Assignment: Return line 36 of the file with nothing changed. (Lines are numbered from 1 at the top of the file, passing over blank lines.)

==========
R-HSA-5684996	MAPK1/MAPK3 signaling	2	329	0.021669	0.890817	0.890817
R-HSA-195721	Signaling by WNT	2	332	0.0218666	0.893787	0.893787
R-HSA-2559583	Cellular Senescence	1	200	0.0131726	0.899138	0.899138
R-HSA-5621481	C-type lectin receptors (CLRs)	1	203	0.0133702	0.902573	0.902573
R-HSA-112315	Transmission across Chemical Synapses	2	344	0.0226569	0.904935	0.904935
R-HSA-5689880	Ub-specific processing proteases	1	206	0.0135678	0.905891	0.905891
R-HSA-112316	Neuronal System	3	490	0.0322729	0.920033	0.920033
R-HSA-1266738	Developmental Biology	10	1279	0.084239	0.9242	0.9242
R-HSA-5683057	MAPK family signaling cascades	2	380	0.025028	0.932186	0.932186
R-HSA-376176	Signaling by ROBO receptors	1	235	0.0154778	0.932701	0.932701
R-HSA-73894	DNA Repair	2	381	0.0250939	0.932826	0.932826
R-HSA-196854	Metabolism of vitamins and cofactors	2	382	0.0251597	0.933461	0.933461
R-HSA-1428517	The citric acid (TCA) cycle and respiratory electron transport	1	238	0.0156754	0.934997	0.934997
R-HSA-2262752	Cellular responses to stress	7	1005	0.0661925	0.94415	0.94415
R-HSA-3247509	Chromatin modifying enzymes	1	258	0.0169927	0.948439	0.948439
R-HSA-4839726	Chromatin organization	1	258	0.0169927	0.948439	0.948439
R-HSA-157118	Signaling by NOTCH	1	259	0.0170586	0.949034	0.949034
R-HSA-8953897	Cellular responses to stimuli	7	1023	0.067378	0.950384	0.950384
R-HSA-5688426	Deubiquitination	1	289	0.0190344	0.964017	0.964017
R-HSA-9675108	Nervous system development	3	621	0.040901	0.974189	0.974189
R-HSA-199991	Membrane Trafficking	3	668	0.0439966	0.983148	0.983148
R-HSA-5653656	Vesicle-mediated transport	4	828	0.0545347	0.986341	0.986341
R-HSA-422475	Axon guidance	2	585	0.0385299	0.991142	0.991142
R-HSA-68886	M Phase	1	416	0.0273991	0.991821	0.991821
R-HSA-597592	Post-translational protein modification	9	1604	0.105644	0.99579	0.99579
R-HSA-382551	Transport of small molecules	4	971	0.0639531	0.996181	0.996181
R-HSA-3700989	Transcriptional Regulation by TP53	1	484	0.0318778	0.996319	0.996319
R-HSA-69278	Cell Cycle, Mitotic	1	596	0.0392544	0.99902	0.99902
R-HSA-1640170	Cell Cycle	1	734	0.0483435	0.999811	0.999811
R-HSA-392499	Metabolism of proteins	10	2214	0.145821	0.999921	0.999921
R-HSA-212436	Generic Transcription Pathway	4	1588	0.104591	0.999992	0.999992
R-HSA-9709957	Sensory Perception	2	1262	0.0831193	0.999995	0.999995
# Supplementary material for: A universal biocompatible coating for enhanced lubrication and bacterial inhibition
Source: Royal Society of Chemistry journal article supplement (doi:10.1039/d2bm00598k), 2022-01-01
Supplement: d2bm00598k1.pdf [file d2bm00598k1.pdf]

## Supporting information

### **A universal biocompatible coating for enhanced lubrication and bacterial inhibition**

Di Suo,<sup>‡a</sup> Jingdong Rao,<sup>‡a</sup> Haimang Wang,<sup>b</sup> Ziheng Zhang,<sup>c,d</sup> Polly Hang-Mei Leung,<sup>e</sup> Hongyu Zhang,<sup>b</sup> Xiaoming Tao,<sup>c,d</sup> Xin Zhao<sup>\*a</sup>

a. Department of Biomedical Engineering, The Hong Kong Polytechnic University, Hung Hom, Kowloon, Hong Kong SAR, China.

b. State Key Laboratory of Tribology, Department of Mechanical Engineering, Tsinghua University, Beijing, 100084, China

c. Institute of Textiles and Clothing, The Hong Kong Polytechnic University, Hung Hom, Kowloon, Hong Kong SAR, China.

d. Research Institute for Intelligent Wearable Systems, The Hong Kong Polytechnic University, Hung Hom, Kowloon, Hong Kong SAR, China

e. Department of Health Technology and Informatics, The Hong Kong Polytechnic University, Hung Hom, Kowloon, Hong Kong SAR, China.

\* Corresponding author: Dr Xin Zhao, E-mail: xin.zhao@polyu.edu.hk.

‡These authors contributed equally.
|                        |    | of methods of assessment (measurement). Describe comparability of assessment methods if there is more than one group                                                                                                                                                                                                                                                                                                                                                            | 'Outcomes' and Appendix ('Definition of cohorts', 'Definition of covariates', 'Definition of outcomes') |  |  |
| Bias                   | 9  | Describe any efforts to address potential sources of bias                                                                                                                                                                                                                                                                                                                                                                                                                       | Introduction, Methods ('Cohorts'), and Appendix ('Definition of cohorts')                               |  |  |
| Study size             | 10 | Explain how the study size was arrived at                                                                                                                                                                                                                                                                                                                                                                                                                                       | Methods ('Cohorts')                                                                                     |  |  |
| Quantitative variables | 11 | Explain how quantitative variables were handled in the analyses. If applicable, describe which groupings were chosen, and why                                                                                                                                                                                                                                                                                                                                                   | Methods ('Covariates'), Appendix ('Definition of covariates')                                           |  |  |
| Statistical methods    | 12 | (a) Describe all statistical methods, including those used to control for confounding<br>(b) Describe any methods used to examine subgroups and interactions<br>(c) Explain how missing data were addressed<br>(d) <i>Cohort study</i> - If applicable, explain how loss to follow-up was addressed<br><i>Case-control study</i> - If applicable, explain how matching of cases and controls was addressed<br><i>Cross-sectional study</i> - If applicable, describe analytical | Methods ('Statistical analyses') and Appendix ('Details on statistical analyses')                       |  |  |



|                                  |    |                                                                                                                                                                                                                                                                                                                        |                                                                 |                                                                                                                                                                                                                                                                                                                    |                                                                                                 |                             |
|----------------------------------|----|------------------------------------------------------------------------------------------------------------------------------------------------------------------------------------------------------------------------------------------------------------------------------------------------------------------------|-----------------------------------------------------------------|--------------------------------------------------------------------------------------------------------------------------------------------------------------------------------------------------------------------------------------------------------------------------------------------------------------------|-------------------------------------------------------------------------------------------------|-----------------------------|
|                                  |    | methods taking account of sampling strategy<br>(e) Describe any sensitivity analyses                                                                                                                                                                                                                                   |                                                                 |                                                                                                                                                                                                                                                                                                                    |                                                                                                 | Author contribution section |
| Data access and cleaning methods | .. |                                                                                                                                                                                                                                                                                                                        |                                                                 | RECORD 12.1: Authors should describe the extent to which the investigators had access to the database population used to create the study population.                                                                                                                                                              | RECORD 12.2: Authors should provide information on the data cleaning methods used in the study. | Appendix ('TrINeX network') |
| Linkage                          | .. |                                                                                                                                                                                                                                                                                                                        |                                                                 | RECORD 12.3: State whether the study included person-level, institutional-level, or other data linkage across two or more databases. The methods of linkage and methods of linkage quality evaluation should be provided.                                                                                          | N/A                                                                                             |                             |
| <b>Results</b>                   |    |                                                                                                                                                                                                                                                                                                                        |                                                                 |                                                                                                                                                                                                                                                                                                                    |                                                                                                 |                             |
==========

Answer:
## Supporting information